Wednesday, September 28, 2011

Franquelin's Map of Louisiana

Jean Baptiste Louis Franquelin was the first official cartographer in Canada. He mapped the interior of North America in great detail in order to bolster French claims to the region. In 1684, he prepared this remarkable map recording the explorations of Jolliet and La Salle. The map is one of the first to contain many common place names, most of which started as rivers, such as Chicago (Chekagou), Illinois (both a lake and a river), Wisconsin (R. Misconsing), Kansas (Cansa), Ohio and the Wabash (Ouabache) among others.

The original map has been lost. This later facsimile is available from the Library of Congress. Below is a detail showing the eastern Great Lakes, "La Pennsylvanie," "Virginie," and the Ohio River referred to as the "St. Louis" but with a tributary called Ohio.

The map shows the Mississippi River flowing west into Texas before reaching the Gulf of Mexico. According to Louisiana: European Exploration and the Louisiana Purchase (see page 14) from the Geography Division of the Library of Congress, the course of the river was fraudulently altered to gain royal support for a fort at its mouth. By being closer to Mexico, the fort would have been more economically viable by serving as a staging ground for incursions into Spanish territory and attacks on the silver mines of Mexico.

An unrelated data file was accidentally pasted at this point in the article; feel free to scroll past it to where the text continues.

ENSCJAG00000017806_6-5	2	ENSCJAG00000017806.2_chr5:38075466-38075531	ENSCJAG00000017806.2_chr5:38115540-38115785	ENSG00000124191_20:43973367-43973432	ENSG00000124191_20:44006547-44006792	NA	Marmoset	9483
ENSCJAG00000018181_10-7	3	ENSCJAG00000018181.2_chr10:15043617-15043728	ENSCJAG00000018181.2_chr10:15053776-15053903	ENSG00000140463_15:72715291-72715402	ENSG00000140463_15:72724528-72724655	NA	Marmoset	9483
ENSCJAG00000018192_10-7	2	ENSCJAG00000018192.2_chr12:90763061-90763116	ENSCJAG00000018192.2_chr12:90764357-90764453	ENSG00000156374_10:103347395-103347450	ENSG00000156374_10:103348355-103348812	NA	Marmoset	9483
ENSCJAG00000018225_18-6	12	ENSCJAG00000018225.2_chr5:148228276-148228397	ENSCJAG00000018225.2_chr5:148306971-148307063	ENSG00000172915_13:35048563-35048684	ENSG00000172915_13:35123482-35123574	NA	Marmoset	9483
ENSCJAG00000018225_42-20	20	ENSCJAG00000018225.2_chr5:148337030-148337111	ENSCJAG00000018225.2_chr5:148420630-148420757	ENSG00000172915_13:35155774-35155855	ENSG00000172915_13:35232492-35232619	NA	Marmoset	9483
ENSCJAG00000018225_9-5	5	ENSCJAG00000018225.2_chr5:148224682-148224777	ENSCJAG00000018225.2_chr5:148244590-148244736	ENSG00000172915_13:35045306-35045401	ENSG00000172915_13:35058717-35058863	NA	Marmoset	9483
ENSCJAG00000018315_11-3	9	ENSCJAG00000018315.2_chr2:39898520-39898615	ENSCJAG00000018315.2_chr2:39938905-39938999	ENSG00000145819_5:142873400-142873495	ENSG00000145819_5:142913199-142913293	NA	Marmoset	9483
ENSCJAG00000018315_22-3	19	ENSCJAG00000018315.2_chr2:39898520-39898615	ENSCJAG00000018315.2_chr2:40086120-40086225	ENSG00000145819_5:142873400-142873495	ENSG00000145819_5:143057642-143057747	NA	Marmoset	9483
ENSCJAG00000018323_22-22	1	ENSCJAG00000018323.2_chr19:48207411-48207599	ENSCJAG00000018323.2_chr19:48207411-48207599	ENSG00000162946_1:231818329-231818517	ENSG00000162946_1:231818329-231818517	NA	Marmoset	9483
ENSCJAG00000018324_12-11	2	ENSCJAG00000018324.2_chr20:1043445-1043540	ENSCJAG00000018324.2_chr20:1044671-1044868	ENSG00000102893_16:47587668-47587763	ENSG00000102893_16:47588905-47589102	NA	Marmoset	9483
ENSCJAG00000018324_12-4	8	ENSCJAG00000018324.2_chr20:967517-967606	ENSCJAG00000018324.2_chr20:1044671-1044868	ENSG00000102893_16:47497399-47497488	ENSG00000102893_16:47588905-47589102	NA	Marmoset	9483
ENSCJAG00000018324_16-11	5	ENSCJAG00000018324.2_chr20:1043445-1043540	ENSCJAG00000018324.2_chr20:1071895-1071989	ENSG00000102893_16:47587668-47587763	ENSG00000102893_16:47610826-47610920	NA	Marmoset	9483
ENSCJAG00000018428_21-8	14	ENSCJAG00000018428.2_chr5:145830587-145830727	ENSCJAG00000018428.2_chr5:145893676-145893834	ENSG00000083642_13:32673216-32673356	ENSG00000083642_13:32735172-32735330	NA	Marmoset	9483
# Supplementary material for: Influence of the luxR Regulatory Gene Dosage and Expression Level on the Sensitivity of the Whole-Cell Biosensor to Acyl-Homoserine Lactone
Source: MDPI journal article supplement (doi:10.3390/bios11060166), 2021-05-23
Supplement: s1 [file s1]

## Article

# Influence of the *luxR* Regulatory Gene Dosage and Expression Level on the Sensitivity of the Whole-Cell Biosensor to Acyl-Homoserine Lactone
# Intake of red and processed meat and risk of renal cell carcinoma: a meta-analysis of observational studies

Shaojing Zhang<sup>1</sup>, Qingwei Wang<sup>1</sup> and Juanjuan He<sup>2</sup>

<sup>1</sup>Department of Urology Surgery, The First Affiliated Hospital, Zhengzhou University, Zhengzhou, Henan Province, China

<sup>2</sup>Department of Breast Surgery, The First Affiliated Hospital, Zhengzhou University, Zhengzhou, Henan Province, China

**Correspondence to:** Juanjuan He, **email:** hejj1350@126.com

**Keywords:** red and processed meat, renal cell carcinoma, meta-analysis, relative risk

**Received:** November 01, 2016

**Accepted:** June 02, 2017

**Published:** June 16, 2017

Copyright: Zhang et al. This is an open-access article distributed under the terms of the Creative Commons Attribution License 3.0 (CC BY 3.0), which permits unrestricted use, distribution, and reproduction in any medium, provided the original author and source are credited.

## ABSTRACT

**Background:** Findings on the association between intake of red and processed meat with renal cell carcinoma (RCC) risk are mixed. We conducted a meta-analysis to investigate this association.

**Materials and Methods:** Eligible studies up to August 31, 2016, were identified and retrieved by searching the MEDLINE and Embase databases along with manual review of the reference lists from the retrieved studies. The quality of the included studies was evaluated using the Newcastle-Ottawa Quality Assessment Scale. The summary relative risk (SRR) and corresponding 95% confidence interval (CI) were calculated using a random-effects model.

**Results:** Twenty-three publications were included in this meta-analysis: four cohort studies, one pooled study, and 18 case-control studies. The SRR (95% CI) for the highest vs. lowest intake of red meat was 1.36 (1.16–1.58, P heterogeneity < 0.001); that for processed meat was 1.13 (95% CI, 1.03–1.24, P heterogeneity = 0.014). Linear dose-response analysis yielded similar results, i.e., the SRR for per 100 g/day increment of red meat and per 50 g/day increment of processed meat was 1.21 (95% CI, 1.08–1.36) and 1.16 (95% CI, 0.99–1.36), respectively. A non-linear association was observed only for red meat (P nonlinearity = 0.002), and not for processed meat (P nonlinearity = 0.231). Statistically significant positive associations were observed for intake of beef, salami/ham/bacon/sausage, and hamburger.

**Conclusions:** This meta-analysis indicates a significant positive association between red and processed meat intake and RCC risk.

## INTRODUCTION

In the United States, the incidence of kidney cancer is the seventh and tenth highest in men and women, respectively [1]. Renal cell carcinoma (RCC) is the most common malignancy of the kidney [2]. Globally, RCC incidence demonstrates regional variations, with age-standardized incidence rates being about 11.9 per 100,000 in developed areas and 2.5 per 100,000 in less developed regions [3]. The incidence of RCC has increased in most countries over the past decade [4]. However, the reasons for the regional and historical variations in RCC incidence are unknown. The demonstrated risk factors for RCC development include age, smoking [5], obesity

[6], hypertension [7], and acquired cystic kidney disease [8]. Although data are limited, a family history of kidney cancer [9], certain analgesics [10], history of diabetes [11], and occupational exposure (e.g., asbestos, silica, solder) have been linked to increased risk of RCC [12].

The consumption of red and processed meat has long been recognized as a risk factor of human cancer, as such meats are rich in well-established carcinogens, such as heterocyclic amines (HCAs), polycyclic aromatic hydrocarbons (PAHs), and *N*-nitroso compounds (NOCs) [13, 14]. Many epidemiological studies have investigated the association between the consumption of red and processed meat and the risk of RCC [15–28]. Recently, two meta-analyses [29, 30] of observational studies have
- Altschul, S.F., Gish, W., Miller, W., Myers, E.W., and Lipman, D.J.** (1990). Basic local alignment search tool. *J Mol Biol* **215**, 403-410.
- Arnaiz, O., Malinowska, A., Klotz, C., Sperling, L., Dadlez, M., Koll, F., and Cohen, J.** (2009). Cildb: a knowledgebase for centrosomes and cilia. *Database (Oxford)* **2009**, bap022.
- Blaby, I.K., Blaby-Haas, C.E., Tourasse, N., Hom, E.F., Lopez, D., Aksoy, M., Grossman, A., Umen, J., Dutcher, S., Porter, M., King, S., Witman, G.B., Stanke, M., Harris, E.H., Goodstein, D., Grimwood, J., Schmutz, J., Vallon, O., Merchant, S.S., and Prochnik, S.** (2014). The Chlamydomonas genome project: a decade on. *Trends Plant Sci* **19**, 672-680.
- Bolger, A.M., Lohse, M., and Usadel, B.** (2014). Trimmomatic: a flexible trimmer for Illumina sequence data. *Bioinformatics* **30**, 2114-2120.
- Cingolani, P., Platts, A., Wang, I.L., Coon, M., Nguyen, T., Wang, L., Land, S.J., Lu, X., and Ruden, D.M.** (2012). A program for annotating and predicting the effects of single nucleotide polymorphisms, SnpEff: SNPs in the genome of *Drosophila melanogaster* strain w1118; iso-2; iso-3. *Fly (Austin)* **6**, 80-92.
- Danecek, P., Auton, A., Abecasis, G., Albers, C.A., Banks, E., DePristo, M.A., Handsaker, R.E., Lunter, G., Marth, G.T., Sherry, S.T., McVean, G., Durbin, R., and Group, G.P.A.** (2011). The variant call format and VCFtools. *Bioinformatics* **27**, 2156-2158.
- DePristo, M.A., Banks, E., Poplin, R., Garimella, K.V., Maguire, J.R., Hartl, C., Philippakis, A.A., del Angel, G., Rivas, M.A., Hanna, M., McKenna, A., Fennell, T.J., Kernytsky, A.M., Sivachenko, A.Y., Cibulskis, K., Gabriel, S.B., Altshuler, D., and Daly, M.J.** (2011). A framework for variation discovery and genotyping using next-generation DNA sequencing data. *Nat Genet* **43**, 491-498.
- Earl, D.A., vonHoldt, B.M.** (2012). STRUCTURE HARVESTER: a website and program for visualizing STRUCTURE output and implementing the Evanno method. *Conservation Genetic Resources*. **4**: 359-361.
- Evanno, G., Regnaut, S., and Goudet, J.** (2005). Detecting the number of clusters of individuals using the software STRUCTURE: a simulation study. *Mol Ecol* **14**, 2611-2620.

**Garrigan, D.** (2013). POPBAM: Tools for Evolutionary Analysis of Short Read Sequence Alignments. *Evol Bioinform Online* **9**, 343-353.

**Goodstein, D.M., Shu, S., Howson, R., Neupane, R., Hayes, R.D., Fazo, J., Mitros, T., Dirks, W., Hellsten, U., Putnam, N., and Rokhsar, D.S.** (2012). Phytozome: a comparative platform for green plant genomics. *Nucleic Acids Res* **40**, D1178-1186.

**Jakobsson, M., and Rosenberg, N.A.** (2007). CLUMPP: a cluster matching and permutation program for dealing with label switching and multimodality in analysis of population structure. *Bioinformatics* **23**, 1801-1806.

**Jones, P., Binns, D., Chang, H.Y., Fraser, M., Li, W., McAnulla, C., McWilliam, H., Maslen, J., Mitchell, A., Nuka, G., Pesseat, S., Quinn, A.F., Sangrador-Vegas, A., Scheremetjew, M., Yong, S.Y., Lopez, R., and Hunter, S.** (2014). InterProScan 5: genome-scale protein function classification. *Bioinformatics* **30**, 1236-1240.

From the Geography Division publication:
Having gained French support for his project, La Salle attempted to return to the Mississippi by way of the Gulf Coast in 1684-85, but his ships missed the mouth of the river and the expedition landed at Matagorda Bay, Texas. Two years of starvation and disease followed and subsequently a mutiny took his life. La Salle failed to establish a permanent colony in the lower Mississippi Valley but he did plant French claims over the vast region that eventually became the Louisiana Purchase.

Wednesday, September 21, 2011

Map of the Week - Wear a Helmet!

NASA's defunct Upper Atmosphere Research Satellite is expected to fall back to earth on Friday, give or take a day. They don't know where but based on the satellite's orbit they've narrowed it down to somewhere between 57 degrees north and 57 degrees south latitude, in other words somewhere between northern Canada and the southern tip of South America - where just about everyone lives. The dark areas on the map below could get hit with debris.

If you're in Antarctica, you have nothing to fear, except for the fact that your continent has gotten huge on this map projection. For the rest of us there's a 1 in 3,200 that someone in this zone will get hit. The U.S. Strategic Command at Vandenberg Air Force Base will provide updates as the time gets closer. In the meantime watch for falling objects.

Thursday, September 15, 2011

Bonus Tropical Storm Coverage

From NASA's Earth Observatory page:

Nearly a week after Hurricane Irene drenched New England with rainfall in late August 2011, the Connecticut River was spewing muddy sediment into Long Island Sound and wrecking the region's farmland just before harvest. The Thematic Mapper on the Landsat 5 satellite acquired this true-color satellite image on September 2, 2011.